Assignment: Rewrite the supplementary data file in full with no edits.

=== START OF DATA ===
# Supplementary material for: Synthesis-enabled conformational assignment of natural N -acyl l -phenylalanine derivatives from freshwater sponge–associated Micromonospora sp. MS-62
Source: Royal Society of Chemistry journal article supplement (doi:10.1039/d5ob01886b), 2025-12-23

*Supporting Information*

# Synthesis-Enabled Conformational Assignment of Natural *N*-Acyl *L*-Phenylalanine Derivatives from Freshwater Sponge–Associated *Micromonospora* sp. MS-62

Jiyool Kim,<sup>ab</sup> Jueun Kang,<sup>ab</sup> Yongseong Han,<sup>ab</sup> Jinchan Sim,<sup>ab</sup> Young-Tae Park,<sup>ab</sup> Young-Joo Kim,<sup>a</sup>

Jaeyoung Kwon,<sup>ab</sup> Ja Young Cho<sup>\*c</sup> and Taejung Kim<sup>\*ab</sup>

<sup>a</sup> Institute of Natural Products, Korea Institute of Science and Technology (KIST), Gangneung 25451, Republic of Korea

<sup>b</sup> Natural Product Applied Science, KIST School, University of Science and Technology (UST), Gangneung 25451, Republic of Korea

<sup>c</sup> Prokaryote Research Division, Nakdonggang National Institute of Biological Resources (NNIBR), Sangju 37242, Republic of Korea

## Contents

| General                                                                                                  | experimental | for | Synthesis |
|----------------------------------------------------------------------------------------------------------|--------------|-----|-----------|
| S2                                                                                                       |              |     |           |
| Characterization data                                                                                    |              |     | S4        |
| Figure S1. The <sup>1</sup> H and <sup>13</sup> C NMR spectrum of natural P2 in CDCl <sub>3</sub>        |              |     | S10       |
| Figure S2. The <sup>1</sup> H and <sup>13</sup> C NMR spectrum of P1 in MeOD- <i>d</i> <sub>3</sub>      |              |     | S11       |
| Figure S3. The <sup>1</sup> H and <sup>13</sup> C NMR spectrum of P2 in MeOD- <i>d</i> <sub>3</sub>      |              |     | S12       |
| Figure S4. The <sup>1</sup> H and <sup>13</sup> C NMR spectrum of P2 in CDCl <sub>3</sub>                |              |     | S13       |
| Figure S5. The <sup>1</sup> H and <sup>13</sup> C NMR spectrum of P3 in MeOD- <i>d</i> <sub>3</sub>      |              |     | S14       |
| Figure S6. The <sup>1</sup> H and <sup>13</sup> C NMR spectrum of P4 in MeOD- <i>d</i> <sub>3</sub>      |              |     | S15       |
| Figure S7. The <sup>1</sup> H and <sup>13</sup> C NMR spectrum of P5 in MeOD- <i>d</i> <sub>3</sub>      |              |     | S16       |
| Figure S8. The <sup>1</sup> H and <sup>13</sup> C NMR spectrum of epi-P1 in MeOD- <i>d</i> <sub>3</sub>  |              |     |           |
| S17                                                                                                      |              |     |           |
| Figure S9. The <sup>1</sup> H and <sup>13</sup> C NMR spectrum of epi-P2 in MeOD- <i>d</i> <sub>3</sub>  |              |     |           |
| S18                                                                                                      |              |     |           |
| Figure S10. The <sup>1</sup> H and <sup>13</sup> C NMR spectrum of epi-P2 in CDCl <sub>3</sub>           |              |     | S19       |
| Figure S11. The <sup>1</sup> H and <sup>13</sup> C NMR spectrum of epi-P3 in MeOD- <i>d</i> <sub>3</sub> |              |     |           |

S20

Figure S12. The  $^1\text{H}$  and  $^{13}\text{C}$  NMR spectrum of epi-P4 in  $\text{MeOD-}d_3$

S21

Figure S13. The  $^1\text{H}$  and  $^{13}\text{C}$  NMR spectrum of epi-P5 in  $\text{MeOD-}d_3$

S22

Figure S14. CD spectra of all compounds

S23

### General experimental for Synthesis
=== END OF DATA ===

# Supplementary material for: Synthesis-enabled conformational assignment of natural N -acyl l -phenylalanine derivatives from freshwater sponge–associated Micromonospora sp. MS-62
Source: Royal Society of Chemistry journal article supplement (doi:10.1039/d5ob01886b), 2025-12-23

*Supporting Information*

# Synthesis-Enabled Conformational Assignment of Natural *N*-Acyl *L*-Phenylalanine Derivatives from Freshwater Sponge–Associated *Micromonospora* sp. MS-62

Jiyool Kim,<sup>ab</sup> Jueun Kang,<sup>ab</sup> Yongseong Han,<sup>ab</sup> Jinchan Sim,<sup>ab</sup> Young-Tae Park,<sup>ab</sup> Young-Joo Kim,<sup>a</sup>

Jaeyoung Kwon,<sup>ab</sup> Ja Young Cho<sup>\*c</sup> and Taejung Kim<sup>\*ab</sup>

<sup>a</sup> Institute of Natural Products, Korea Institute of Science and Technology (KIST), Gangneung 25451, Republic of Korea

<sup>b</sup> Natural Product Applied Science, KIST School, University of Science and Technology (UST), Gangneung 25451, Republic of Korea

<sup>c</sup> Prokaryote Research Division, Nakdonggang National Institute of Biological Resources (NNIBR), Sangju 37242, Republic of Korea

## Contents

| General                                                                                                  | experimental | for | Synthesis |
|----------------------------------------------------------------------------------------------------------|--------------|-----|-----------|
| S2                                                                                                       |              |     |           |
| Characterization data                                                                                    |              |     | S4        |
| Figure S1. The <sup>1</sup> H and <sup>13</sup> C NMR spectrum of natural P2 in CDCl <sub>3</sub>        |              |     | S10       |
| Figure S2. The <sup>1</sup> H and <sup>13</sup> C NMR spectrum of P1 in MeOD- <i>d</i> <sub>3</sub>      |              |     | S11       |
| Figure S3. The <sup>1</sup> H and <sup>13</sup> C NMR spectrum of P2 in MeOD- <i>d</i> <sub>3</sub>      |              |     | S12       |
| Figure S4. The <sup>1</sup> H and <sup>13</sup> C NMR spectrum of P2 in CDCl <sub>3</sub>                |              |     | S13       |
| Figure S5. The <sup>1</sup> H and <sup>13</sup> C NMR spectrum of P3 in MeOD- <i>d</i> <sub>3</sub>      |              |     | S14       |
| Figure S6. The <sup>1</sup> H and <sup>13</sup> C NMR spectrum of P4 in MeOD- <i>d</i> <sub>3</sub>      |              |     | S15       |
| Figure S7. The <sup>1</sup> H and <sup>13</sup> C NMR spectrum of P5 in MeOD- <i>d</i> <sub>3</sub>      |              |     | S16       |
| Figure S8. The <sup>1</sup> H and <sup>13</sup> C NMR spectrum of epi-P1 in MeOD- <i>d</i> <sub>3</sub>  |              |     |           |
| S17                                                                                                      |              |     |           |
| Figure S9. The <sup>1</sup> H and <sup>13</sup> C NMR spectrum of epi-P2 in MeOD- <i>d</i> <sub>3</sub>  |              |     |           |
| S18                                                                                                      |              |     |           |
| Figure S10. The <sup>1</sup> H and <sup>13</sup> C NMR spectrum of epi-P2 in CDCl <sub>3</sub>           |              |     | S19       |
| Figure S11. The <sup>1</sup> H and <sup>13</sup> C NMR spectrum of epi-P3 in MeOD- <i>d</i> <sub>3</sub> |              |     |           |

S20

Figure S12. The  $^1\text{H}$  and  $^{13}\text{C}$  NMR spectrum of epi-P4 in  $\text{MeOD-}d_3$

S21

Figure S13. The  $^1\text{H}$  and  $^{13}\text{C}$  NMR spectrum of epi-P5 in  $\text{MeOD-}d_3$

S22

Figure S14. CD spectra of all compounds

S23

### General experimental for Synthesis